Researchers program open wound cells to turn into healthy skin

Researchers at the Salk Institute have found a way to convert the cells in open wounds into new skin cells, potentially eliminating the need for plastic surgery in the treatment of large wounds.

As reported recently in the journal Nature, the team managed to heal large cutaneous ulcers by reprogramming the wound cells to turn into stem-cell-like precursors that can differentiate into the various types of skin cell.

"Our observations constitute an initial proof of principle for in vivo regeneration of an entire three dimensional tissue like the skin, not just individual cell types as previously shown," says senior author Juan Carlos Izpisua Belmonte, who adds that this could be useful not only for helping skin repair but for guiding in vivo strategies in other human pathological situations.

The image represents the first proof of principle for the successful regeneration of a functional organ (the skin) inside a mammal, by a technique known as AAV-based in vivo reprogramming. Epithelial (skin) tissues were generated by converting one cell type (red: mesenchymal cells) to another (green: basal keratinocytes) within a large ulcer in a laboratory mouse model.
The image represents the first proof of principle for the successful regeneration of a functional organ (the skin) inside a mammal, by a technique known as AAV-based in vivo reprogramming. Epithelial (skin) tissues were generated by converting one cell type (red: mesenchymal cells) to another (green: basal keratinocytes) within a large ulcer in a laboratory mouse model.

Typically, cutaneous ulcers are treated by transplanting existing skin over the wound, but when an ulcer is very large, it can be difficult to graft sufficient amounts of skin. When this problem arises, researchers can isolate skin stem cells from the patient and culture them in a lab before transplanting them. However, this process is time consuming, which can risk the patient’s life, as well as not always being effective.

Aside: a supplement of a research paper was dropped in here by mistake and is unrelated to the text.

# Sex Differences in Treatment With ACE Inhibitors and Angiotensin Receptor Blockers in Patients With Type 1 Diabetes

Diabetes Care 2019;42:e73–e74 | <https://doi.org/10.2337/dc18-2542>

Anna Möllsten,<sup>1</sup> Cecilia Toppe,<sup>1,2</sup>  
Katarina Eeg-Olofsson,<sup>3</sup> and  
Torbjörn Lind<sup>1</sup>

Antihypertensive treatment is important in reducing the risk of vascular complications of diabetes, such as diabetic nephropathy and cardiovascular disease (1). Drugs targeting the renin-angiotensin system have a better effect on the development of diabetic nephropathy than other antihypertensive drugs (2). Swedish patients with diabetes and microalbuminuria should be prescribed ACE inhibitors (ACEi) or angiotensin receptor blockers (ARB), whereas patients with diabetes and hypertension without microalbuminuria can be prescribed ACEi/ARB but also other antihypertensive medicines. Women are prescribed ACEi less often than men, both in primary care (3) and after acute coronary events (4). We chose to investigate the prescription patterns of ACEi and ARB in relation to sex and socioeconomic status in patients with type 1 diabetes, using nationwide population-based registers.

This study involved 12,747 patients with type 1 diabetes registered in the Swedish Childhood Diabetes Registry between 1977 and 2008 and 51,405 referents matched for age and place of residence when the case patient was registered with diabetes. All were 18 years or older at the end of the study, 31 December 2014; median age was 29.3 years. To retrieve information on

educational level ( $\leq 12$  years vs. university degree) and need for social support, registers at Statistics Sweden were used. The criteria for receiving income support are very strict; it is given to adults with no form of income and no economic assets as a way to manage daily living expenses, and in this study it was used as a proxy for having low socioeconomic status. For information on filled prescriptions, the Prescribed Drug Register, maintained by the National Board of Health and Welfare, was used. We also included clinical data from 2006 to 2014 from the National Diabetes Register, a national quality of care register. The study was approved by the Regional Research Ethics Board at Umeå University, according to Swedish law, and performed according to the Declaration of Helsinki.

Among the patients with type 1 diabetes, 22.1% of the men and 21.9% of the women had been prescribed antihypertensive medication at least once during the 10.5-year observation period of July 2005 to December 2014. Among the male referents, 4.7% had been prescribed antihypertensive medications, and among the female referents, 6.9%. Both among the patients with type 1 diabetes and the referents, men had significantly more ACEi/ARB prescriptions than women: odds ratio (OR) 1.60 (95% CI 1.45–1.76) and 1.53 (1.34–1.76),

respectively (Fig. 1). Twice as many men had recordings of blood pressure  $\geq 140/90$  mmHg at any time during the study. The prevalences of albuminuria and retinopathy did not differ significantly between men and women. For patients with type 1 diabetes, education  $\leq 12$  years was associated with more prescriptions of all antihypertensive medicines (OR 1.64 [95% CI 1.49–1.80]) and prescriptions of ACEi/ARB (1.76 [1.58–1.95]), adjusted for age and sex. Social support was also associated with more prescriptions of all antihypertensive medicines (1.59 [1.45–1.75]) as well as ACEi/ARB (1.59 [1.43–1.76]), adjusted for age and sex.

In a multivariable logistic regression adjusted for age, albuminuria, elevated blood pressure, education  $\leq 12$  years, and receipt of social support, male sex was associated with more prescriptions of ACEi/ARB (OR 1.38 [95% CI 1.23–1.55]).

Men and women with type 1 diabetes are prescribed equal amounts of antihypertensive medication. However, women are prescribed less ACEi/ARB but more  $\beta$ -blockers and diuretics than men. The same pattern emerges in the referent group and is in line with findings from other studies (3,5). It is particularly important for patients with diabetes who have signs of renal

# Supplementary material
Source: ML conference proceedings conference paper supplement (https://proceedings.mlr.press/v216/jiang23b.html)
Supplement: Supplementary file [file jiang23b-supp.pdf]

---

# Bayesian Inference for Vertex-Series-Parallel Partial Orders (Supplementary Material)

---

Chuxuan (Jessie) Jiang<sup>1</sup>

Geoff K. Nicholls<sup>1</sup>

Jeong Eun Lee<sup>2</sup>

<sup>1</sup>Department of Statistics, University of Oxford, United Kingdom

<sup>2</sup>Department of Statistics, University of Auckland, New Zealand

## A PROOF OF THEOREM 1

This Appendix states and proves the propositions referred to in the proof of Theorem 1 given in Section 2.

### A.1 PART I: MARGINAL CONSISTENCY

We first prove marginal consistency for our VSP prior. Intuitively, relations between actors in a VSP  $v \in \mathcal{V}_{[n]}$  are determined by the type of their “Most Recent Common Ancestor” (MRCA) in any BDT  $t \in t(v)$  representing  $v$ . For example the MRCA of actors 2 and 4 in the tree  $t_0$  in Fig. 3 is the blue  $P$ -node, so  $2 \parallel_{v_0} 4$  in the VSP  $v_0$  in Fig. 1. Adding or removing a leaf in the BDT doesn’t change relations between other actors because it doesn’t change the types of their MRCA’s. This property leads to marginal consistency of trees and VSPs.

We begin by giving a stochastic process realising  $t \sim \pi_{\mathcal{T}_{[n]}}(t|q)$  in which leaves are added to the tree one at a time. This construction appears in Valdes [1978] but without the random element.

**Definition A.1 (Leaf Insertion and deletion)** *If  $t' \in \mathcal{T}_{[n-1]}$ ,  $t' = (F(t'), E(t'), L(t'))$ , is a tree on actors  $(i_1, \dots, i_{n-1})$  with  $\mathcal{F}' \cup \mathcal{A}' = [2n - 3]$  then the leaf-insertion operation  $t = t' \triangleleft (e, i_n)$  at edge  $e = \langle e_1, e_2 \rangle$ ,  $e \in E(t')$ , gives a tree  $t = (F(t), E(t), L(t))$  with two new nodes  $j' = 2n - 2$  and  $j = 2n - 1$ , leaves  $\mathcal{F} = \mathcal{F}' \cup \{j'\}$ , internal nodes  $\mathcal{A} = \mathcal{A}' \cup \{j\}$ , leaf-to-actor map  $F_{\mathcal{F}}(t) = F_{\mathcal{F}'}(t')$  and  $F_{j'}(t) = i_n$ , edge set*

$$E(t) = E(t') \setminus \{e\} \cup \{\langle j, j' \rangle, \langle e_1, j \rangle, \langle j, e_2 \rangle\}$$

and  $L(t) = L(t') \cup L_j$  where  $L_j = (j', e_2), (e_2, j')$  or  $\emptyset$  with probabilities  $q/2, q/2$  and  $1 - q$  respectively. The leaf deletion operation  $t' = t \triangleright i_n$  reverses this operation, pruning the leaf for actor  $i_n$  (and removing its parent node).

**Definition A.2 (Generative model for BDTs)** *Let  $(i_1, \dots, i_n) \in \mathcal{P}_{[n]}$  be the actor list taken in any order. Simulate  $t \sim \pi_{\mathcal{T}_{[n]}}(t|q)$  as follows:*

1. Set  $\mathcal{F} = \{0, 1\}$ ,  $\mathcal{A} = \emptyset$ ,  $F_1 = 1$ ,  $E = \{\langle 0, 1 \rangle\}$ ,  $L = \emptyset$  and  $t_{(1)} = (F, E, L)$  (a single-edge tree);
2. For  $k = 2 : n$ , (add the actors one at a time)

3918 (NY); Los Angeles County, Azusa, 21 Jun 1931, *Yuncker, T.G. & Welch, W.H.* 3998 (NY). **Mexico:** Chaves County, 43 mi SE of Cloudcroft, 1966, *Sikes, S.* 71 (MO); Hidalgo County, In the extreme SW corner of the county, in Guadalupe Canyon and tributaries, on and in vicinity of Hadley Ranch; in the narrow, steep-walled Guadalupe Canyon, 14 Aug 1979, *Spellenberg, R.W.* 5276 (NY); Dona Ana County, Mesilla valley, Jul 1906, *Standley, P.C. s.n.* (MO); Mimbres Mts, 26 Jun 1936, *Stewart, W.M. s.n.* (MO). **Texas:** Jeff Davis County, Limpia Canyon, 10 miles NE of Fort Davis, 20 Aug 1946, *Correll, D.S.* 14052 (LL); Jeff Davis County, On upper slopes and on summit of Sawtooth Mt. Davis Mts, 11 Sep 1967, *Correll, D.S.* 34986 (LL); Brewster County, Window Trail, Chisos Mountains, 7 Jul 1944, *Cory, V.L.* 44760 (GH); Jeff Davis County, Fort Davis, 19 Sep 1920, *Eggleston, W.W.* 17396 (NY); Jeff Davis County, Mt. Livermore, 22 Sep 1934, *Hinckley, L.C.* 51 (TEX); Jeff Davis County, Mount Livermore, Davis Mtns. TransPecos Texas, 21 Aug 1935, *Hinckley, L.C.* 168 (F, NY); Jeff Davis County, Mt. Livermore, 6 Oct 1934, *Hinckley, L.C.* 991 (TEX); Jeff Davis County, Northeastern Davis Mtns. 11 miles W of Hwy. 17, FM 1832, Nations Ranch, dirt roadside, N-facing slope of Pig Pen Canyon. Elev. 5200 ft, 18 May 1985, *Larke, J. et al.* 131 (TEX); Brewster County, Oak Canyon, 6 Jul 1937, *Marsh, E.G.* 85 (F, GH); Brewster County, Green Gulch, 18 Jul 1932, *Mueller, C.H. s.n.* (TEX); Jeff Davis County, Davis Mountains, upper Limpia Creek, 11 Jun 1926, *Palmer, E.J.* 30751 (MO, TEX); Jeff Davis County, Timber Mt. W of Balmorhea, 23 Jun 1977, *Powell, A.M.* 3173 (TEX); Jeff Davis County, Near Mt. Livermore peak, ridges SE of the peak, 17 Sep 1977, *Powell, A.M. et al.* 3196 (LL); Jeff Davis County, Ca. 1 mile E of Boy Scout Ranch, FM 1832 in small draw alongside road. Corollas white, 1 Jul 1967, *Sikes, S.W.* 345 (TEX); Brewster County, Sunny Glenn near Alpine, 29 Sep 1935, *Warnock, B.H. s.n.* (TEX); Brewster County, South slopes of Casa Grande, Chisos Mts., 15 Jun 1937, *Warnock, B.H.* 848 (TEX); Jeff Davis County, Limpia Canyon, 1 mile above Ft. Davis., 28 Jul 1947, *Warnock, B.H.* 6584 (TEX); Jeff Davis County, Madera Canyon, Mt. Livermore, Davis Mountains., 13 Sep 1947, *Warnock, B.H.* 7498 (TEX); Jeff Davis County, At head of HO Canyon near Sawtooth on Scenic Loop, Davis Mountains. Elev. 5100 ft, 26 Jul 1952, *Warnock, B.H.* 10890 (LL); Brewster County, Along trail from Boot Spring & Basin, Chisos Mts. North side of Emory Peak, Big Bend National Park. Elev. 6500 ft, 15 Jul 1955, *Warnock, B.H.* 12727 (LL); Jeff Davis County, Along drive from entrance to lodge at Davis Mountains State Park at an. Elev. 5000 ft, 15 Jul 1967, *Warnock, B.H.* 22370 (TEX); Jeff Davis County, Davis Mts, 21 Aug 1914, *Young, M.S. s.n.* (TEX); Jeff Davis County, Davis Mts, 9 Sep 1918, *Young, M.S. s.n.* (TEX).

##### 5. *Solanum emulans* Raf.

The researchers of the current study knew that an important step in wound healing is the movement of basal keratinocytes into the wound. These are stem-like cells that are precursors to all the various types of skin cells. However, very large wounds that no longer have multiple skin layers do not have these precursors, and the skin cells that do grow in the area are generally involved in inflammation and wound closure rather than skin repair.

Now Izpisua Belmonte and team have managed to identify four “reprogramming factors” that can convert these existing cells into basal keratinocytes. When they applied the four factors to skin ulcers in mice, the ulcers rebuilt healthy skin within 18 days. Eventually, the skin expanded and connected with nearby skin, even when the ulcers were large. At three and six months, cellular, molecular and genetic analyses showed that the reprogrammed wound cells were behaving like healthy skin cells.

Next, the team plans to enhance the technique and test it in further models of ulcers: "Before going to the clinic, we have to do more studies on the long-term safety of our approach and enhance the efficiency as much as possible," says co-author Masakazu Kurita.

Citation: In vivo reprogramming of wound-resident cells generates skin epithelial tissue, Masakazu Kurita, Toshikazu Araoka, Tomoaki Hishida, David D. O’Keefe, Yuta Takahashi, Akihisa Sakamoto, Masahiro Sakurai, Keiichiro Suzuki, Jun Wu, Mako Yamamoto, Reyna Hernandez-Benitez, Alejandro Ocampo, Pradeep Reddy, Maxim Nikolaievich Shokhirev, Pierre Magistretti, Estrella Núñez Delicado, Hitomi Eto, Kiyonori Harii & Juan Carlos Izpisua Belmonte | Nature (2018) https://doi.org/10.1038/s41586-018-0477-4, https://www.nature.com/articles/s41586-018-0477-4

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